Equipment, drugs and supplies form an essential part of structure in quality of care. Three out of the four facilities studies had weighing scale (both bathroom and infant); and shakir's strip, two had plastic bowl for tepid sponging. None had a screen or tongue depressor. This finding was similar to those of other studies where none of the health facilities had the entire minimum equipment package available. [4],[5],[20] Even where the facilities had other equipment for the provision of maternal health services, the providers complained that some such as weighing scales, sphygmomanometer and stethoscopes were not functional. This scenario was said to have contributed to long waiting time during consultation. None of the facilities surveyed operated a drug revolving fund scheme, and none had essential drugs list. Also, none had all the essential drugs recommended for a PHC. Even where the facilities had most of the drugs available, they were insufficient. This was similar to findings by other studies carried out on essential drugs availability at the PHC level. [4],[8],[9],[10],[11] Findings of this study showed that all the facilities had such consumables as latex gloves, sutures, antiseptic lotion, soaps, syringes and cotton wool available, and was in contrast with the findings from Pakistan where these basic supplies were not available at the primary and secondary facilities. [21]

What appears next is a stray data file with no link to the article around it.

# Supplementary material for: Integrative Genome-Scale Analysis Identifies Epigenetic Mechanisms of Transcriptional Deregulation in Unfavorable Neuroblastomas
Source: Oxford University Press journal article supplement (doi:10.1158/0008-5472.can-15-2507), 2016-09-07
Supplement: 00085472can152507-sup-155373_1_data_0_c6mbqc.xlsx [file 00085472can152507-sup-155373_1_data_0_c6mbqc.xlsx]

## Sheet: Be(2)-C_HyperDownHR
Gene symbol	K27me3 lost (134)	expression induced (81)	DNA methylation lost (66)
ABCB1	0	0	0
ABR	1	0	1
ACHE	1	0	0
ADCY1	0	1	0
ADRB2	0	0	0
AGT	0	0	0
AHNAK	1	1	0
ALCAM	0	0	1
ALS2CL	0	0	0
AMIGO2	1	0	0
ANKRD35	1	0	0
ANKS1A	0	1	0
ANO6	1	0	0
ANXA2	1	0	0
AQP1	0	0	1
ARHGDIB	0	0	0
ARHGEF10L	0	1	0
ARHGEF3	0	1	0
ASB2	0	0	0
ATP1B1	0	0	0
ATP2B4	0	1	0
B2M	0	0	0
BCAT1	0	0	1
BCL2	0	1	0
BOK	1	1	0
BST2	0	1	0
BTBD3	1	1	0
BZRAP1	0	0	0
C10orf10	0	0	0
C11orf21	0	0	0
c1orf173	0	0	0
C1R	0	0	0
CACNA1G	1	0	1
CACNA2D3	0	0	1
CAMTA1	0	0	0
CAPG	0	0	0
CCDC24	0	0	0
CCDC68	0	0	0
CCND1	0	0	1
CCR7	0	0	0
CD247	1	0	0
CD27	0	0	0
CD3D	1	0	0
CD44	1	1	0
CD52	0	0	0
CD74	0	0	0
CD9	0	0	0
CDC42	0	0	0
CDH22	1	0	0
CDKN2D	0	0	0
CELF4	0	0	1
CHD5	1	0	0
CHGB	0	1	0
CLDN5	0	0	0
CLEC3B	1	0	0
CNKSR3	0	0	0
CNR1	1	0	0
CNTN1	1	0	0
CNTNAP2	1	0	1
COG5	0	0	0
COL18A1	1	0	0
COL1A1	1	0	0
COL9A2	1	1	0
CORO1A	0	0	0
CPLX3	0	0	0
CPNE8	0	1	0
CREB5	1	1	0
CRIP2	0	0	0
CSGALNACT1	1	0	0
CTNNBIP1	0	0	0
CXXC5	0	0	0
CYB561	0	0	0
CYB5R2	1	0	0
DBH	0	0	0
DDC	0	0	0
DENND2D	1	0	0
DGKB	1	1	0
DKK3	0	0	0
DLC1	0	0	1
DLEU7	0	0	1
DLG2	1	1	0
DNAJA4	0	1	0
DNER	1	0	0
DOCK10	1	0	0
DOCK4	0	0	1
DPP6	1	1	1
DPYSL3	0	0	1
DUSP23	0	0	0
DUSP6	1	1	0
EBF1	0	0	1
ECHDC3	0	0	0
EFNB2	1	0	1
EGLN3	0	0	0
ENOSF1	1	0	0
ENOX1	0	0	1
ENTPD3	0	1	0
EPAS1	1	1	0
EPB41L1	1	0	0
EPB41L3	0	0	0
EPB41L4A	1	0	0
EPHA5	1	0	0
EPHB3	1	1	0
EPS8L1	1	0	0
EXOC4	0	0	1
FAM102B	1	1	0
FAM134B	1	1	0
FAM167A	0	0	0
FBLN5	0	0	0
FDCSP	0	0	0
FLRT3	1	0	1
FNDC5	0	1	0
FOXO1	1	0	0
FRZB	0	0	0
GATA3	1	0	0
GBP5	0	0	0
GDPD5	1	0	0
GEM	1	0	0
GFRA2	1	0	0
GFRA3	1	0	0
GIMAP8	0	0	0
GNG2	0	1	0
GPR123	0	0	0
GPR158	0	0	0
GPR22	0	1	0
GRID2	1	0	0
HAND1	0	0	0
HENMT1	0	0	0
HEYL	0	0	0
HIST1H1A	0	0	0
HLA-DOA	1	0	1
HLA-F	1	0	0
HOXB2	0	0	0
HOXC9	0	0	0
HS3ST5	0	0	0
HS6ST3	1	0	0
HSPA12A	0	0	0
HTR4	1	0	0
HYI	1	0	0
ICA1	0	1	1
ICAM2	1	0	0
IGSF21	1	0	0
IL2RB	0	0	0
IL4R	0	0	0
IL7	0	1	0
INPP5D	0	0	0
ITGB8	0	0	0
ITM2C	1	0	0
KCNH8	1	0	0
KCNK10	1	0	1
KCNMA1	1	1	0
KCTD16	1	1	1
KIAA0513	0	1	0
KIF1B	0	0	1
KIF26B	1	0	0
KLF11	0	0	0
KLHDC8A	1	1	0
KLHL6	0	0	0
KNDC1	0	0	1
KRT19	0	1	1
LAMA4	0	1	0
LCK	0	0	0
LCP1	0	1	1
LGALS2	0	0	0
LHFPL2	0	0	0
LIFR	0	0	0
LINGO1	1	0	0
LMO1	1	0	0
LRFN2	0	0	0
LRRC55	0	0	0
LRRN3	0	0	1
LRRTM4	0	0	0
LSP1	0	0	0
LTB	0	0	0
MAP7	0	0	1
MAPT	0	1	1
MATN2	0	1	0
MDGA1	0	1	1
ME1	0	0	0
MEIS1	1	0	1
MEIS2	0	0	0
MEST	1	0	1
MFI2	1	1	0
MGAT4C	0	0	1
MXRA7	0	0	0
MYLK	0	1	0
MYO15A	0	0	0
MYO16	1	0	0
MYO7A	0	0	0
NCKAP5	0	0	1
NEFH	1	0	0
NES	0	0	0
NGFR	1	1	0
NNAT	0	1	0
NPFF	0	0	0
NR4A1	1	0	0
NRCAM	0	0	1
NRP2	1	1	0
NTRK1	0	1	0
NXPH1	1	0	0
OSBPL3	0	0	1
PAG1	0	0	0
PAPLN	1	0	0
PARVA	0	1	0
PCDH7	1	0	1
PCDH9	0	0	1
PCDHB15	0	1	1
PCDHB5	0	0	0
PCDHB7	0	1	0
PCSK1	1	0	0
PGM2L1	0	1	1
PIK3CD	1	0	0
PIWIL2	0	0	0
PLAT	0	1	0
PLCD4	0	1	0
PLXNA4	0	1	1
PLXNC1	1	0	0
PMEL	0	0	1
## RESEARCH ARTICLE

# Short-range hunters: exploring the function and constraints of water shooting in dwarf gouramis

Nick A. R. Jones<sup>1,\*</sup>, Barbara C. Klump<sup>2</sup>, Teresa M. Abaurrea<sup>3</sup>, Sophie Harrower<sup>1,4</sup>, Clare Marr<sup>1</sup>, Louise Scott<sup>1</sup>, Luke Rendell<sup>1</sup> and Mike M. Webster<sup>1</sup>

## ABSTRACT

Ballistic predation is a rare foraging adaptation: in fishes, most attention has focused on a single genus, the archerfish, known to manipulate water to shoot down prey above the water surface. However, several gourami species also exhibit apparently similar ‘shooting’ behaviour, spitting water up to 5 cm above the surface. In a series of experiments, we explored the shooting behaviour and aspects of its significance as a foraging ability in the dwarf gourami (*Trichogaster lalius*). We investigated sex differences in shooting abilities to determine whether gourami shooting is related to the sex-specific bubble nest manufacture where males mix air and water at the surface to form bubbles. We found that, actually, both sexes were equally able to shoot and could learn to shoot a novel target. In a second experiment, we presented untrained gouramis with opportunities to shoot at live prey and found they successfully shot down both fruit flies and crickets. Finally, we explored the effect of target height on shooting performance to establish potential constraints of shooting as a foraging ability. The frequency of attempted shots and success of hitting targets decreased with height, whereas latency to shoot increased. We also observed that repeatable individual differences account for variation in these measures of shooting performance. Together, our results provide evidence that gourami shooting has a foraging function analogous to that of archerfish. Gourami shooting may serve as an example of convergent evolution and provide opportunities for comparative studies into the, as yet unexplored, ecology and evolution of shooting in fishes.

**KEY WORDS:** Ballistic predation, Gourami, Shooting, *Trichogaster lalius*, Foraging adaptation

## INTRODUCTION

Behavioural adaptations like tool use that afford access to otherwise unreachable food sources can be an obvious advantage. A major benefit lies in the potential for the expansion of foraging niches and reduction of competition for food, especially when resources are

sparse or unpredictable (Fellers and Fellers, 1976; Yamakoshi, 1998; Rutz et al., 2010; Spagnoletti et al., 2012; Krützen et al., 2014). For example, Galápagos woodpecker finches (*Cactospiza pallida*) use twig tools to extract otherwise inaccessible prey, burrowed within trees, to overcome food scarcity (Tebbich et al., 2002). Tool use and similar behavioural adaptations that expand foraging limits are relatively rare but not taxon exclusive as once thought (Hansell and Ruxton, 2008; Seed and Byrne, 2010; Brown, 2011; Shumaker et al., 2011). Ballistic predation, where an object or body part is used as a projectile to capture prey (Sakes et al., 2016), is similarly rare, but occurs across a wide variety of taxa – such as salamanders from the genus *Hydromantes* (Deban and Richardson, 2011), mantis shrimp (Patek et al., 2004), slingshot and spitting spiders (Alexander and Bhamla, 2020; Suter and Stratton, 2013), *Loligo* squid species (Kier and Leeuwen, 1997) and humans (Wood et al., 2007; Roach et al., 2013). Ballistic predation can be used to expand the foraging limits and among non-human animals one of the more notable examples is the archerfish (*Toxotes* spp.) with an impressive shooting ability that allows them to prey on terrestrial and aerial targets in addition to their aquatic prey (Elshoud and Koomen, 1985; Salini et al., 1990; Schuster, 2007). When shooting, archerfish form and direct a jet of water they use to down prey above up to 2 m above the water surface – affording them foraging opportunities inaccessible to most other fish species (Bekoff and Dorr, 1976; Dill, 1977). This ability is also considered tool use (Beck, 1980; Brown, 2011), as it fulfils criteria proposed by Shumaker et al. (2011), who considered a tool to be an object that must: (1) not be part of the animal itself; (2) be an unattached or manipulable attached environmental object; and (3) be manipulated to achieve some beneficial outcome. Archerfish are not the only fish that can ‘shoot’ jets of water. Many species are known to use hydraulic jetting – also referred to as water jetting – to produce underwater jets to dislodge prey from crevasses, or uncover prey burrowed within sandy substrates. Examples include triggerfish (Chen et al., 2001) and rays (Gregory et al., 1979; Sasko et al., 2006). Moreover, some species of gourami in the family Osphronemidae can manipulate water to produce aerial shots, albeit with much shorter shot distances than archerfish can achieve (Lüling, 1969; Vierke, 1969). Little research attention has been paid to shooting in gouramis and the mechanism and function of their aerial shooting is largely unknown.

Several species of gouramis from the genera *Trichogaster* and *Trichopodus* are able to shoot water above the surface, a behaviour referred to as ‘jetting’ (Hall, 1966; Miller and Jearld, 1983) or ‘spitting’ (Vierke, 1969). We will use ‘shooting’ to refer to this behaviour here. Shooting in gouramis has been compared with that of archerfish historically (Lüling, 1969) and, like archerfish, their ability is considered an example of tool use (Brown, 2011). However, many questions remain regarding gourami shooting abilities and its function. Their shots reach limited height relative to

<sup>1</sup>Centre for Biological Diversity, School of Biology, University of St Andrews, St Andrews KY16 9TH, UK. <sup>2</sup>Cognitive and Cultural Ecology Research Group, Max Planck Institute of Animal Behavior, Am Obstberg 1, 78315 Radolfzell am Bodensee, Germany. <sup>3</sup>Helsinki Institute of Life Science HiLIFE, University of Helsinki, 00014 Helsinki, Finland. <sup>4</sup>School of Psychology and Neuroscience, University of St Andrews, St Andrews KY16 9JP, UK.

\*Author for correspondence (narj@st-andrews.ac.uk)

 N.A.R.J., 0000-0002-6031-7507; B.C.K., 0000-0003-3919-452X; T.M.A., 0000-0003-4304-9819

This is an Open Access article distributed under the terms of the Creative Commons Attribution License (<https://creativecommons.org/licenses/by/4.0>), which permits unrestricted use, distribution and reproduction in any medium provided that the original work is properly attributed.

Health personnel were unevenly distributed in all the facilities studied, while manpower was less than the minimum staff complement recommended. [6],[22] There was shortage of medical officers and public health nurses as were the findings of other studies. [4],[6],[22] It was also revealed that there were no laboratory technologists nor pharmacy technicians in the entire PHC facilities. Also only one medical doctor covered all the health facilities studied, while these facilities were manned by community health officers. Even where other resources are available, human resources were needed for proper management of these resources. Little wonder, none of the facilities is an EOC facility, as there were no personnel with the necessary skills needed to address the major causes of maternal mortality. [23],[24] This agrees with the finding that shortage of health professionals reduce the number of facilities equipped to offer EOC 24 hrs a day and are significantly related to the quality of care and maternal mortality rates. [25] This finding is also in keeping with the Nigeria Reproductive Health Resources and Service Survey, which reported paucity of skilled birth attendants and the effect of same on health workers capacity to offer effective and efficient maternal health services. [26] Several studies have attributed high maternal mortality ratios to such inadequacies as rudimentary or absent managerial skills shortage of staff, drugs, equipment and supplies. [8],[9],[10],[11] It then suffices that the type and quality of care provided to women often determine their survival through the processes of pregnancy, labour and puerperium. [1]